Bayon’s most distinctive feature is the multitude of serene and massive stone faces on the many towers that jut from the upper terrace and cluster around its center peak. The similarity of the 216 gigantic faces to other statues of Jayavarman VII has led many scholars to the hypothesise that the faces are representations of the king himself. Others believe that the faces belong to Avalokitesvara, the bodhisattva of compassion.

The temple is also popular for two impressive sets of bas-reliefs, which present an unusual combination of mythological, historical, and mundane scenes.  This is one of the many ‘must visit’ temples.

Banteay Srei Temple
Constructed: Late 10th century C.E.
Religion: Hindu (Shiva)
King/Patron: Rajendravarman
Style: Banteay Srey

Consecrated in 967 A.D, Banteay Srei was speculated to have been known earlier as Banteay Serai, which literally means the Citadel of Victory.  This was the only major temple at Angkor not built by a monarch; its construction is credited to a courtier named Yajnavaraha, who was a scholar and philanthropist and a counselor to king Rajendravarman. He was known to have helped those who suffered from illness, injustice or poverty.

Banteay Srei is built primarily in red sandstone, a medium that lends itself to the elaborate decorative wall carvings which are still observable in fine details today.  Measured by the standards of Angkorian construction, the buildings themselves are miniature in scale. These factors have led to its being widely praised as a ‘precious gem’, or the ‘jewel of Khmer art’ and perhaps the temple’s modern name, Banteay Srei or Citadel of Women, is probably related to the intricacy of the bas relief carvings of devatas found on the walls and the tiny dimensions of the buildings themselves.

Phnom Bakheng
Constructed: Late 9th – Early 10th century C.E.
Religion: Hindu (Shiva)
King/Patron: Yasovarman I
Style: Bakheng

Phnom Bakheng was constructed more than two centuries before the Angkor Wat. It is a Hindu temple originally built in the form of a temple mountain dedicated to Shiva. Historians believe that Phnom Bakheng was in its heyday, the principal temple of the Angkor region.  It was the architectural centerpiece of a new capital that Yasovarman built when he moved the court from the capital Hariharalaya in the Roluos area located to the southeast.

Located atop a hill, this is the most popular tourist spot for sunset views of the much bigger Angkor Wat temple which lies amid the jungle about 1.5 km away.

Preah Khan Temple
Constructed: Late 12th century C.E.
Religion: Buddhist
King/Patron: Jayavarman VII
Style: Bayon

Preah Khan was built on the site of Jayavarman VII’s victory over the invading Chams in 1191.

In its heyday, this was the centre of a substantial organisation with almost 100,000 officials and servants. This temple is flat in design, with a basic plan of successive rectangular galleries around a Buddhist sanctuary complicated by Hindu satellite temples and numerous later additions. With numerous trees and other vegetation growing among the ruins, Preah Khan has been left largely unrestored.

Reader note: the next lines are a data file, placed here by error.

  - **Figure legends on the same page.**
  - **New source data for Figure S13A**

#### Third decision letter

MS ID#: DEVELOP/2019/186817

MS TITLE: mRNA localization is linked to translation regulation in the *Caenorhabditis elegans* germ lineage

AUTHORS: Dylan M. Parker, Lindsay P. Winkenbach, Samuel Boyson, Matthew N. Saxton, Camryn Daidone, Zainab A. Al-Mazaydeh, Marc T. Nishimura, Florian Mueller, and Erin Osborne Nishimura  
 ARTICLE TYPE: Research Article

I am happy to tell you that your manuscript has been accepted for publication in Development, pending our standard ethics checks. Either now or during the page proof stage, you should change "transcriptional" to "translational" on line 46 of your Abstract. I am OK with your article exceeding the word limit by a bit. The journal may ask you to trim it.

Ta Prohm Temple
Constructed: Mid 12th - Early 13th century C.E.
Religion: Buddhist
King/Patron: Jayavarman VII
Style: Bayon

Ta Prohm, a Bayon style temple, is believed to be built in the late twelfth and early thirteenth centuries.  It was founded by King Jayavarman VII as a Mahayana Buddhist monastery and university. Unlike most Angkorian temples, Ta Prohm has been left in much the same condition in which it was found wher

Rajavihara (Royal temple), as it was originally known, was one of the first temples founded pursuant to a massive program of construction and public works after the King’s ascension to the throne in 1811 A.D.. It was built in honor of his family. The temple’s main image, representing Prajnaparamita, the personification of wisdom, was modeled on the king’s mother. The northern and southern satellite temples in the third enclosure were dedicated to the king’s guru and his elder brother respectively. As such, Ta Prohm formed a complementary pair with the temple monastery of Preah Khan, dedicated in 1191 A.D., the main image of which represented Avelokitesvara, the Bodhisattva of compassion and was modeled on the king’s father.

The site was home to more than 12,500 people (including 18 high priests and 615 dancers), with an additional 80,000 people in the surrounding villages working to provide services and supplies.

Banteay Kdei Temple
Constructed: Late 12th - Early 13th century C.E.
Religion: Buddhist
King/Patron: Jayavarman VII
Style: Angkor Wat/Bayon

Built in the late twelfth to early thirteenth century during the reign of Jayavarman VII, Banteay Kdei is known only as a Buddhist temple constructed in the Bayon style.  It has been occupied by monks at various intervals over the centuries, but the inscription stone has never been discovered so it is mystery; unknown to whom the temple is dedicated.

Its structures are contained within two successive enclosure walls, and consist of two concentric galleries from which emerge towers, preceded to the east by a cloister.  Like all the other ruins in Angkor, the carvings are captivating.

Kulen Mountain National Park
Constructed: 9th century C.E.
Religion: Hindu
King/Patron: Jayavarman II
Style: Kulen

The Kulen Mountain or Phnom Kulen is declared as a National Park. It is an isolated mountain massif located in Svay Leu District and some 48km from Siem Reap. Its highest point is 487 meters.

This is widely regarded as the birthplace of the ancient Khmer Empire. During the constructional period of the ancient temples in the nineth century, sand stones were brought from this sacred mountain to Angkor.  It was here at Phnom Kulen that King Jayavarman II proclaimed independence from Java in 802 A.D.